• Roger Sims, Journal Staff

Resident tells Parker council of plans to open business

Updated: Jul 22

PARKER – A new city resident made a brief presentation to the Parker City Council on Thursday, May 12, about a business he was planning to develop. Justin Wiler distributed samples to the council as he talked about plans for his company.


Wiler creates plaques and other memorabilia using a CNC machine and 3D equipment to carve wood and create other items. Planning on using a building at the back of his property as a shop, he said that much of work will be sold at craft fairs but he planned to also sell out of his shop.


Noting that the property, which is next to the railroad tracks on the north side of Woodward Street, is zoned residential, City Attorney Burton Harding suggested that Wiler apply for a conditional-use permit. He said Wiler would need to address parking for the property as well.

The council also discussed concerns about the city lake, particularly use of off-road vehicles, littering and parking on the dam.


City Clerk Carrie Sewell told the council she had received complaints about off-road vehicles. Mayor Cody Adams said the Parker Police Chief Craig Haley has been doing a good job so far this year in addressing the problem.


Haley said that while he understood about people pulling off the road to park while they’re at the lake, there have been instances where people have used off-road vehicles on the lake property. He suggested purchasing signs for both sides of the lake.

Haley also suggested signs about littering because in his patrolling the area he has noted an increasing problem. He suggested that no parking signs be posted on the dam to prevent people from parking there.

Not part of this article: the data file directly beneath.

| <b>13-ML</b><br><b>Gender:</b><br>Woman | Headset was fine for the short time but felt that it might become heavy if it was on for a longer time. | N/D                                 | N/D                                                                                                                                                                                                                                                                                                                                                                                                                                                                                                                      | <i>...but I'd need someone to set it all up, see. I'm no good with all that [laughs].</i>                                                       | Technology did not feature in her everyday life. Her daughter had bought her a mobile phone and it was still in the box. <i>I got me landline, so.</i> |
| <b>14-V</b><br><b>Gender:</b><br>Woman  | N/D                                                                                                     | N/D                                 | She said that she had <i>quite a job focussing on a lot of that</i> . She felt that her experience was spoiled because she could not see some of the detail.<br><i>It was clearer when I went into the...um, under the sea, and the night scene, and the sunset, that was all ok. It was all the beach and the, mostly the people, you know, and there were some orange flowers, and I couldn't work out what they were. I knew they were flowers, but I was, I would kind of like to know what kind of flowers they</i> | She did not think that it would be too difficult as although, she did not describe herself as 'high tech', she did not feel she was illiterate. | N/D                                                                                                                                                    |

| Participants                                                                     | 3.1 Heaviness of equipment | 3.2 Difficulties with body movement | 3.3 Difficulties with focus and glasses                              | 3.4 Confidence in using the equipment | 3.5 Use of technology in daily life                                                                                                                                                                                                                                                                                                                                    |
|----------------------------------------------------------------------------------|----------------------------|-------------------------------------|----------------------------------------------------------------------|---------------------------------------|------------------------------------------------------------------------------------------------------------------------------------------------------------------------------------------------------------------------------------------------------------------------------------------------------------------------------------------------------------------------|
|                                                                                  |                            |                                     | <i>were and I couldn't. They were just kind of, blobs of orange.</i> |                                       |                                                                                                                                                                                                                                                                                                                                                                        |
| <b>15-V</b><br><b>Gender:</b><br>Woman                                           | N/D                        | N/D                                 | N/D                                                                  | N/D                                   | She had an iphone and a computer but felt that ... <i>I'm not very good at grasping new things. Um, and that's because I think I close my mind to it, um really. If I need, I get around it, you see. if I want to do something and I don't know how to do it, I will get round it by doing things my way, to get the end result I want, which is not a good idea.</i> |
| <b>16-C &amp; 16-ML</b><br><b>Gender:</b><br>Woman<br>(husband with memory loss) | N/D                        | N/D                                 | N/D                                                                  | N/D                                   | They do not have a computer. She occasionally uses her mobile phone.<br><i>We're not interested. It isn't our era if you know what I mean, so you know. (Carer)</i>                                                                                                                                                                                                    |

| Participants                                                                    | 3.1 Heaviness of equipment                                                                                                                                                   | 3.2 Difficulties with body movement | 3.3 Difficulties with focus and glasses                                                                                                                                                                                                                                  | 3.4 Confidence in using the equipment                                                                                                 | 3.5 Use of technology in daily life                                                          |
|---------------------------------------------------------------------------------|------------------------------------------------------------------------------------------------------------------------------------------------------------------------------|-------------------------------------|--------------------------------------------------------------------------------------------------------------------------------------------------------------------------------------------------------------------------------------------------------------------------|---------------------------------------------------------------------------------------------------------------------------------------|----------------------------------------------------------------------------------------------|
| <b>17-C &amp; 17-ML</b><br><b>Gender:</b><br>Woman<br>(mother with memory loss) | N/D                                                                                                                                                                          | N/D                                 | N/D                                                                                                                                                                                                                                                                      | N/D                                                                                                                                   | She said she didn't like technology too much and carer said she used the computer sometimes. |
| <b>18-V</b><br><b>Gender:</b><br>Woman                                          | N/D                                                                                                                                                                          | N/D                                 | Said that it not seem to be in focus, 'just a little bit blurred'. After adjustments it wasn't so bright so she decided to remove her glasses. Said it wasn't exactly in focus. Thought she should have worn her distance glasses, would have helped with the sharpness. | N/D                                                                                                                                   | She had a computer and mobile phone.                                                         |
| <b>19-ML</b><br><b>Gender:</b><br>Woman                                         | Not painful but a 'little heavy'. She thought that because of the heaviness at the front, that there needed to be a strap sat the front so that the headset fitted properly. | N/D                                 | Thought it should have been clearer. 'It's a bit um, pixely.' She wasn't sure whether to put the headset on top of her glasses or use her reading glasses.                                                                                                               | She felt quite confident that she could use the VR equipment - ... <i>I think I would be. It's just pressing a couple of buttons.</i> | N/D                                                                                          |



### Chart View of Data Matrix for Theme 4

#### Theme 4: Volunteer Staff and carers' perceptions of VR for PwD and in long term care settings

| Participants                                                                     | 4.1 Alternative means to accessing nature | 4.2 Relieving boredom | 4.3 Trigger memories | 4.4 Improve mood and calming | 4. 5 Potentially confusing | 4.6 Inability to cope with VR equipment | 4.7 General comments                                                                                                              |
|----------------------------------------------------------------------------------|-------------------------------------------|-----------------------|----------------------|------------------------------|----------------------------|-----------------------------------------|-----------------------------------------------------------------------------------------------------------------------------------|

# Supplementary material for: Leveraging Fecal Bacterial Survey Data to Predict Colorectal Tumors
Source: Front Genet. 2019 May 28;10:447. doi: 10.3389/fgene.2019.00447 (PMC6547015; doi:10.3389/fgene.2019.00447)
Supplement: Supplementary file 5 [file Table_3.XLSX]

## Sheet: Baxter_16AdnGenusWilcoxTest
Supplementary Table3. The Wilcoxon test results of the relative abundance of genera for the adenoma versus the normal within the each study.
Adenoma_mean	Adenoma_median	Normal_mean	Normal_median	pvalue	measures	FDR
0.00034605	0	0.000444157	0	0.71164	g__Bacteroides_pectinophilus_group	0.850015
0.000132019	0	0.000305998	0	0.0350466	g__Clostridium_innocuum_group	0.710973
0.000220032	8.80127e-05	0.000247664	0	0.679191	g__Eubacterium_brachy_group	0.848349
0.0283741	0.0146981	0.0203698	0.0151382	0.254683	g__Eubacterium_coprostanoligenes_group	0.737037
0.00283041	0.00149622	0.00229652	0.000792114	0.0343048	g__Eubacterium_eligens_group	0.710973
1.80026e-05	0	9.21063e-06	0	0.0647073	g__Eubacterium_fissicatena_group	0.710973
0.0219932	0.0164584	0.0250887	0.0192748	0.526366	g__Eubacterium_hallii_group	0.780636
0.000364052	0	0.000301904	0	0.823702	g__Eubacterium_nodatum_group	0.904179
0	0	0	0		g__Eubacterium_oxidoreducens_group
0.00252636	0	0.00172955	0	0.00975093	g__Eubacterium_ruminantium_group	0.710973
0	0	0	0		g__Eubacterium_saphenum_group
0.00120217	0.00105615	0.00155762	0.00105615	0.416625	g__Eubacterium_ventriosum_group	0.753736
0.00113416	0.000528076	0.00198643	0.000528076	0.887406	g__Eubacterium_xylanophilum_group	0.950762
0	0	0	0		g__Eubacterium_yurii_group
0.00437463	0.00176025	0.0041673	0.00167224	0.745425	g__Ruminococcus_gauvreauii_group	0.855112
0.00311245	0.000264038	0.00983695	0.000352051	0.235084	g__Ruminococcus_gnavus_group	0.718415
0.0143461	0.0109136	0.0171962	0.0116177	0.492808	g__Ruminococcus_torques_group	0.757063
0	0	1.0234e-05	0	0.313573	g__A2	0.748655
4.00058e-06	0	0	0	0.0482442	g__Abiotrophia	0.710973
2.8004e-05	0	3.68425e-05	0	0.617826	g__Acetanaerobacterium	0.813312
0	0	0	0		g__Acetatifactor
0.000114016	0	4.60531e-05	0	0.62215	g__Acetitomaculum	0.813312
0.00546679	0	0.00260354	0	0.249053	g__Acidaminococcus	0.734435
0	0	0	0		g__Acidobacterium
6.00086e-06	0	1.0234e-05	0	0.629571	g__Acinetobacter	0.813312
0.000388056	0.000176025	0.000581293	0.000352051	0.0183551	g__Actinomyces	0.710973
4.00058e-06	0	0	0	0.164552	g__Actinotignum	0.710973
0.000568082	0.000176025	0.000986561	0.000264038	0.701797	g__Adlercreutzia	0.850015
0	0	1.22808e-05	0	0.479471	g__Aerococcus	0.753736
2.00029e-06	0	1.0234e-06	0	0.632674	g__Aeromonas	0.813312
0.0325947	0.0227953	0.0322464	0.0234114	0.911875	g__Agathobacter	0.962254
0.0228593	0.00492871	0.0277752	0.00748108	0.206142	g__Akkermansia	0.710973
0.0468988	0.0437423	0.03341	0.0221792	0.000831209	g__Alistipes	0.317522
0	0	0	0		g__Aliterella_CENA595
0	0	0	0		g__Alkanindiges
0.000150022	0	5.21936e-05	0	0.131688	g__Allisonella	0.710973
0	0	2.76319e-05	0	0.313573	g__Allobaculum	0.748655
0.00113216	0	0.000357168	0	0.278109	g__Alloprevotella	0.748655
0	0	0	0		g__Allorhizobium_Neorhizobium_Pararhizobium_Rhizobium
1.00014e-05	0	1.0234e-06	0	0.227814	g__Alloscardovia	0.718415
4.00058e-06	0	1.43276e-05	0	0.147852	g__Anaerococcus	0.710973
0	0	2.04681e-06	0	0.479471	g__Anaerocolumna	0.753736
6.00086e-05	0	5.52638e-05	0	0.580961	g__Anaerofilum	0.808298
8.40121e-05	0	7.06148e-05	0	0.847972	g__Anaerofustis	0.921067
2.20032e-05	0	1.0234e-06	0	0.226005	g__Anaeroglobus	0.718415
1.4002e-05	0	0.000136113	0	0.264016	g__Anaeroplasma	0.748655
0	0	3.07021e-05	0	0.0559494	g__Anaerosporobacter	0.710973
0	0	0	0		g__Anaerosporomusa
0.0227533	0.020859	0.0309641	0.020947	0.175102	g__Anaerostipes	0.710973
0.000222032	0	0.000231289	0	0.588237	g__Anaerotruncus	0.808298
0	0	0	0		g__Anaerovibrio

He said he would check with Linn County to see if there were any surplus signs available there. He is expected to bring back prices and more specifics on signs to the next meeting.


Harding told the council that a citation issued to Tyler Shafer about cleaning up the property where his shop was may lead to a more protracted issue. Shafer owned an auto repair business on Railroad Street that burned last year.


A citation was issued because the burned out structure and vehicles remain on the property. Harding said that Shafer indicated that while he was working to clean up the property, he planned to hire an attorney to fight the citation.


Harding also told the council that the surveying company hired to assist in the city’s condemnation of Walnut Street south of Gaikowski Drive indicated that it no longer was interested in completing the job. Harding said that gaining access to the property was a problem.


The city began condemnation proceedings earlier this year to regain control of that street after Dan Gaikowski, owner of Recycling Services, installed gates and blocked it off.


In other business, the council:

  • Voted 3-2 to apply to participate in Kansas State University’s First Impressions Program. Under the program, people who are unfamiliar with the city are brought in to give their impression of what the city does right and what it needs to do to improve. The council was split with council member Gary Early and Jerry Summers opposed and Ashley Balthazar and Kandice Higgins in favor. In the absence of councilwoman Jody Bloodgood, Mayor Adams broke the tie to approve the application.

  • Voted unanimously to increase the wages for city maintenance worker Rodney Hetzer from $10 an hour to $15. Hetzer has been on the job about a month. Adams said that Hetzer had been doing a great job since he was hired.

  • Approved hiring a high school student to help with maintenance projects and mowing for up to 20 hours a week at $10 an hour.

  • Heard a report from resident Cheryl Townsend that because of work contractor Chad Page had done on cleaning out a ditch by her house, it hadn’t flooded for the first time in years after a heavy rain.

  • Approved allowing Hetzer to spend up to $1,500 for maintenance supplies, including a new compressor for air-powered tools for work on vehicles.

  • Noted that the city would have a farmers’ market again this year on the first Sunday of the month from 1 p.m. to 5 p.m. at Heritage Park.

  • Noted that June 11 would be the city clean-up day.

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